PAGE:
It’s easy to forget Fred, Barney, and the gang were, for their time, innovators. The gentle humor and bad puns of The Flintstones racked up six years on the air, in prime time no less, and it was the most successful animated show until The Simpsons came along. Which leaves Mark Russell, writing the new book DC Comics launches today, and Steve Pugh, the artist adapting Hanna Barbera’s classic animation, with a tough job, that they handle with alacrity and style.
To some degree, this is the Flintstones you remember, satirizing modern life with Stone Age technology and a string of genuinely great/awful puns. The first issue focuses on Fred and his boss trying to sell some Neanderthals on the ideas of modern life so they’ll work at the quarry. But there’s just enough darkness around the edges to feel fresh without losing the tone of the cartoon. This Stone Age is substantially more dangerous and scary than the Bedrock everyone remembers, which the book often plays for a dose of black comedy, but it’s not absurdly dark and gritty. Pugh and Russell are as apt to work in a silly joke into a panel as they are to play Fred’s PTSD over the war he fought in (and doesn’t talk about) for comedic value.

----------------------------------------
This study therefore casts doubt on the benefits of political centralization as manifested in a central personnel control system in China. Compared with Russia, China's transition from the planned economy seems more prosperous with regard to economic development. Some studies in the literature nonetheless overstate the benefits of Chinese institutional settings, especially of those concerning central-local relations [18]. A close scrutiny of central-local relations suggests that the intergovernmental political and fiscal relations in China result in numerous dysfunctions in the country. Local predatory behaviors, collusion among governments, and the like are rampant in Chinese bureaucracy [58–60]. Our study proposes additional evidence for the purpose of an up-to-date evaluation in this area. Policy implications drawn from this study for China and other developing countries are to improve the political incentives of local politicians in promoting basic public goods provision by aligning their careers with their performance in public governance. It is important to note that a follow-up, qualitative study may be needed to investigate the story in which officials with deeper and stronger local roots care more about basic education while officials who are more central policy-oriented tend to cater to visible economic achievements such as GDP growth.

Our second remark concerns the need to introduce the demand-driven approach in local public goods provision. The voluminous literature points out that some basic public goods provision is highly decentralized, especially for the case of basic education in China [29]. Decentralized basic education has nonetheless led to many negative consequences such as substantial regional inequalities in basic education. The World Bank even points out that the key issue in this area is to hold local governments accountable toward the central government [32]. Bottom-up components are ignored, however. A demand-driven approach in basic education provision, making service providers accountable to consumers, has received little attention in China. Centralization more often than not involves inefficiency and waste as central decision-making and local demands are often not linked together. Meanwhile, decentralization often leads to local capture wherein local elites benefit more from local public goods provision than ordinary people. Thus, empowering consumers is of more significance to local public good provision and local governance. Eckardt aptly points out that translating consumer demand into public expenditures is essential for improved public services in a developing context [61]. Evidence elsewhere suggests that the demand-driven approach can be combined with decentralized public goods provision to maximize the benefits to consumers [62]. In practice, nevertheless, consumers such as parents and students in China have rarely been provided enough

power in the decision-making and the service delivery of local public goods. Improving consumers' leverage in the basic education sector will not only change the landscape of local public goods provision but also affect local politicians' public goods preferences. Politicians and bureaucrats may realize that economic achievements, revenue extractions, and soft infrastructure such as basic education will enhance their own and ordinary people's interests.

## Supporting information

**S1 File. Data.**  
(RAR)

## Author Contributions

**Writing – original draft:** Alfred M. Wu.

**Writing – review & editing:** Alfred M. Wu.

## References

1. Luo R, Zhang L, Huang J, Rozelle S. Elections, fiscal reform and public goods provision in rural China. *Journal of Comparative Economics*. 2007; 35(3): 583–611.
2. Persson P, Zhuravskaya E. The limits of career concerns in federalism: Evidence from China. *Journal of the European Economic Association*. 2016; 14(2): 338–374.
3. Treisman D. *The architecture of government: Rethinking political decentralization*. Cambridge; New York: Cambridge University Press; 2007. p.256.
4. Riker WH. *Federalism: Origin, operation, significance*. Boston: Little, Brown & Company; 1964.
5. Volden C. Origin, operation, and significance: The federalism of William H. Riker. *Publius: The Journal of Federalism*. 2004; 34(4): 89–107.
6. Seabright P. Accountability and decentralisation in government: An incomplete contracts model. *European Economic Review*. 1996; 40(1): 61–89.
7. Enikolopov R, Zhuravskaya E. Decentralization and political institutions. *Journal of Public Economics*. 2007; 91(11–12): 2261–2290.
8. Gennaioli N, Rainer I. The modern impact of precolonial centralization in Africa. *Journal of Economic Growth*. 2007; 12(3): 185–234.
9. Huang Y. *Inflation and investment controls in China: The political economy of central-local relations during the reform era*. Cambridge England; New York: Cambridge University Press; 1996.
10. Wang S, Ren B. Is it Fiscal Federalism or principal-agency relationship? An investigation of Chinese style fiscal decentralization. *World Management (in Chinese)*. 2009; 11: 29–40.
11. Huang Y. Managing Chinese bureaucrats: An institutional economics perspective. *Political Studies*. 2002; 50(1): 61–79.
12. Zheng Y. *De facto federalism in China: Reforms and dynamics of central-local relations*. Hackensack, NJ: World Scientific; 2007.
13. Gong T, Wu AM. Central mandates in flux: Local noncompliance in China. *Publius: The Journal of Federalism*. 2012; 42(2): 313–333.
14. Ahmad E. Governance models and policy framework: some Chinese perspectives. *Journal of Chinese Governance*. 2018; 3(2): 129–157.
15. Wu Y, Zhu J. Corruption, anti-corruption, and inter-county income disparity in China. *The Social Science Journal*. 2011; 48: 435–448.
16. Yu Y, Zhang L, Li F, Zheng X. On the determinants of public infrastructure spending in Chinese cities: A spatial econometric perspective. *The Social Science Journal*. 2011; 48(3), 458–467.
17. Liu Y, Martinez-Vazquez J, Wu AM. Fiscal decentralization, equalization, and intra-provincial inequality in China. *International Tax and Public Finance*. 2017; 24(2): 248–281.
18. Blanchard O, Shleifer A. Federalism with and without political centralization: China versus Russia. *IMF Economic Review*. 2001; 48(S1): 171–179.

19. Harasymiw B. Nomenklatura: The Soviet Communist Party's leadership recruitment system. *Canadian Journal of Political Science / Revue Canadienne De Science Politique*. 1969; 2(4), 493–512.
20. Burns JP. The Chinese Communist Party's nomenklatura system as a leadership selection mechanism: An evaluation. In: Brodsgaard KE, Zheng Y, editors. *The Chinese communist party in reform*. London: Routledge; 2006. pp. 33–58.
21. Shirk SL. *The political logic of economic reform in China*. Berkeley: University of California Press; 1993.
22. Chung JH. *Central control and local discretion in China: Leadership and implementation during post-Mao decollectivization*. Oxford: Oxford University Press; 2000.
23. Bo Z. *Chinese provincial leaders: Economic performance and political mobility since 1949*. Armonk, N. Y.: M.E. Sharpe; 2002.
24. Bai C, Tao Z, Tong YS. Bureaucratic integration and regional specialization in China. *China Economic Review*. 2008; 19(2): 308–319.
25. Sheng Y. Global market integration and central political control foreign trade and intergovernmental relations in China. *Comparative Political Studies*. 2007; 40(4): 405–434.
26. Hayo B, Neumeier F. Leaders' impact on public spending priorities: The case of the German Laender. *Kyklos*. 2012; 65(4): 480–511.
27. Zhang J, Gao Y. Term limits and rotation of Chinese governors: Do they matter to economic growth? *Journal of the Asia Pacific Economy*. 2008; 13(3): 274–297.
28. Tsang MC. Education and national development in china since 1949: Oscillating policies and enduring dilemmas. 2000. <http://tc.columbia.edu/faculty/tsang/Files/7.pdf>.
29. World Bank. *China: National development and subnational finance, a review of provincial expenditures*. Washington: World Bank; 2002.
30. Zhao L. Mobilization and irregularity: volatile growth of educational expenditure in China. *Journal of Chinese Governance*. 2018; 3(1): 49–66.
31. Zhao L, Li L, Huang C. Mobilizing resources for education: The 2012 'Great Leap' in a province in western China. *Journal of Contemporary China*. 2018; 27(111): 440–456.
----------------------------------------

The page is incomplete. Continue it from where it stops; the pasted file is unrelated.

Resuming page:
Pugh, in particular, soars in the book. His art is always exceptionally clean and tight, but here he gleefully fills the panels with absurd puns and works the gags to near perfection. Even a silly joke like Barney slowly realizing he’s sharing a car with some Neanderthals lands thanks to Pugh’s skill with facial expressions. His redesigns also work well. Fred always feels a bit too big for the room he’s in, a man trying to compact himself down and not quite succeeding.
If you only remember the old show, or the vitamins it inspired, this book is a reminder that any concept is a great one in the right hands. Silly and yet darkly comedic, The Flintstones is the best Bedrock has ever had it.
Silver Surfer #5, Marvel